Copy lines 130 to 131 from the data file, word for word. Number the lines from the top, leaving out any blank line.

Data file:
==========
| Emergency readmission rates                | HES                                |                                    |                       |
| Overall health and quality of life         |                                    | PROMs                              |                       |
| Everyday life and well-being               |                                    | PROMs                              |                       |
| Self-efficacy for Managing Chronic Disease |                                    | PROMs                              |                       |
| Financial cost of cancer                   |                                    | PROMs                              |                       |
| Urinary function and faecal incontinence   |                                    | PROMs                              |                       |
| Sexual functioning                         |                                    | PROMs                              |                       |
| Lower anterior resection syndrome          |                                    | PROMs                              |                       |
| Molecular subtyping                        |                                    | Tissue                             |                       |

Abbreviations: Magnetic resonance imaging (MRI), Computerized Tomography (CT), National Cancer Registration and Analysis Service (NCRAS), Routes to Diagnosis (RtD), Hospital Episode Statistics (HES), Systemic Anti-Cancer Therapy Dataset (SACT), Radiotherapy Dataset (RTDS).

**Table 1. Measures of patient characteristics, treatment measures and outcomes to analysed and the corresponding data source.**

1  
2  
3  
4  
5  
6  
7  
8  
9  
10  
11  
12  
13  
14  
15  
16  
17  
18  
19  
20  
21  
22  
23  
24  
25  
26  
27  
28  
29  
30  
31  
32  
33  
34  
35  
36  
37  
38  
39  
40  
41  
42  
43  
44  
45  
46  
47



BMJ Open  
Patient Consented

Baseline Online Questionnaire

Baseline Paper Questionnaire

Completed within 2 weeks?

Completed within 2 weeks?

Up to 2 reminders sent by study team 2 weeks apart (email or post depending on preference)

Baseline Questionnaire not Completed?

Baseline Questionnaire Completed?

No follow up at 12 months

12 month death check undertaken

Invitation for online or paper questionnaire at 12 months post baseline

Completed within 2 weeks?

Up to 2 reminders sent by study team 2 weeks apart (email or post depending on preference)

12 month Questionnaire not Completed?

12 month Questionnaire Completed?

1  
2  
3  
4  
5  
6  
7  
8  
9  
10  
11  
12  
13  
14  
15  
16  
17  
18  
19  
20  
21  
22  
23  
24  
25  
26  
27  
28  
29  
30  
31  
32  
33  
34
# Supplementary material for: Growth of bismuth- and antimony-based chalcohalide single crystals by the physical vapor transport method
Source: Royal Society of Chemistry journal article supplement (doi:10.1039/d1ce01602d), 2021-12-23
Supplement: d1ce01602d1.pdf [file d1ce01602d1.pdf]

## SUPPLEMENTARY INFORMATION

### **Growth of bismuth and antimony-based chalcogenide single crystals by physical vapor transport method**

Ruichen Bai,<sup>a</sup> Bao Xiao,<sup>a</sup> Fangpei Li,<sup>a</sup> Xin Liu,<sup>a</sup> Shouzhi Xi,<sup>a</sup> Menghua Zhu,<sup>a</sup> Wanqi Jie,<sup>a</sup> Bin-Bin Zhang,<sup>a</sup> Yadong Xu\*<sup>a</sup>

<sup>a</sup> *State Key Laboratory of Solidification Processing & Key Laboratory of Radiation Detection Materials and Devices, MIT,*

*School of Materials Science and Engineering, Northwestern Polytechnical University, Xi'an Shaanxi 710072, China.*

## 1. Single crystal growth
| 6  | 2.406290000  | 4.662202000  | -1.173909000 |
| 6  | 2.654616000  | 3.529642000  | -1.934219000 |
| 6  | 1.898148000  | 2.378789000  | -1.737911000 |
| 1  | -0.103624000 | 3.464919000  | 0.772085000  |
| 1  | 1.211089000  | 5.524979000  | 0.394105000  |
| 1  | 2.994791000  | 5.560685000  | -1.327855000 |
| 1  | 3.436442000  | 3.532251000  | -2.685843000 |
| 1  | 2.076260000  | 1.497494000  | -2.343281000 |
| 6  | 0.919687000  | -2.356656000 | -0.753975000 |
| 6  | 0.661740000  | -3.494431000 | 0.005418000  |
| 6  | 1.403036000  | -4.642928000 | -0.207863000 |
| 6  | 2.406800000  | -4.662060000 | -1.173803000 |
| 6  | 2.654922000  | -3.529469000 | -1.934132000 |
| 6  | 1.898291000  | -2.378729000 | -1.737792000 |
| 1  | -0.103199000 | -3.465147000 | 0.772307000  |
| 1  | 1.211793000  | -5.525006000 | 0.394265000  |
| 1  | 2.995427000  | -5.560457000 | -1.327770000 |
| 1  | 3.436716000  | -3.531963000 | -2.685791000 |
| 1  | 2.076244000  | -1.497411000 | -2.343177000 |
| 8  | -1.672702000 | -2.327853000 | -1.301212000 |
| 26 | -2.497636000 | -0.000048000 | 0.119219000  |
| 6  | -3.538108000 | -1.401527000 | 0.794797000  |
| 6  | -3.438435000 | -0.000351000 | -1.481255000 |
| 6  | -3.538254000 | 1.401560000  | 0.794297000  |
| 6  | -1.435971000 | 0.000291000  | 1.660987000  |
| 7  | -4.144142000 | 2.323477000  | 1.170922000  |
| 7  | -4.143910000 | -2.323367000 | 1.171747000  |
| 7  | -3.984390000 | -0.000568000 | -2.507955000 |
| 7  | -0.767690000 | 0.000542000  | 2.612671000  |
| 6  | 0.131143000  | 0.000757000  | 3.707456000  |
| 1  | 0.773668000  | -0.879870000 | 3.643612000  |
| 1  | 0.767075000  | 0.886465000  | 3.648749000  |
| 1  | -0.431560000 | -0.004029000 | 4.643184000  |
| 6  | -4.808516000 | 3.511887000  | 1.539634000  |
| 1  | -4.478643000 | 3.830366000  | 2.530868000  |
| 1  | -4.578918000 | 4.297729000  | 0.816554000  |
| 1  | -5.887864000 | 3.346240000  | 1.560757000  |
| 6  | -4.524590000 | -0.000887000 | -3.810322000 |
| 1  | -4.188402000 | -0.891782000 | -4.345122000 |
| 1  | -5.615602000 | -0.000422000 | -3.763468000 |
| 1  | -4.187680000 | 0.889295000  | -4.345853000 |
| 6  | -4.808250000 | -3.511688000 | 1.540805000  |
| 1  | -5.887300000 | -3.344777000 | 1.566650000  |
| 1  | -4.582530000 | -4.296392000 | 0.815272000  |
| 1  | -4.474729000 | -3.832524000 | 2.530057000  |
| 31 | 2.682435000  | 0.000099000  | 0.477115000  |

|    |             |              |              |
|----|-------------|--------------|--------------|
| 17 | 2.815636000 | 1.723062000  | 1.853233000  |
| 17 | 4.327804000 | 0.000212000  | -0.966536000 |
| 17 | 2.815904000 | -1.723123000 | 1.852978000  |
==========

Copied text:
| 6  | 2.654922000  | -3.529469000 | -1.934132000 |
| 6  | 1.898291000  | -2.378729000 | -1.737792000 |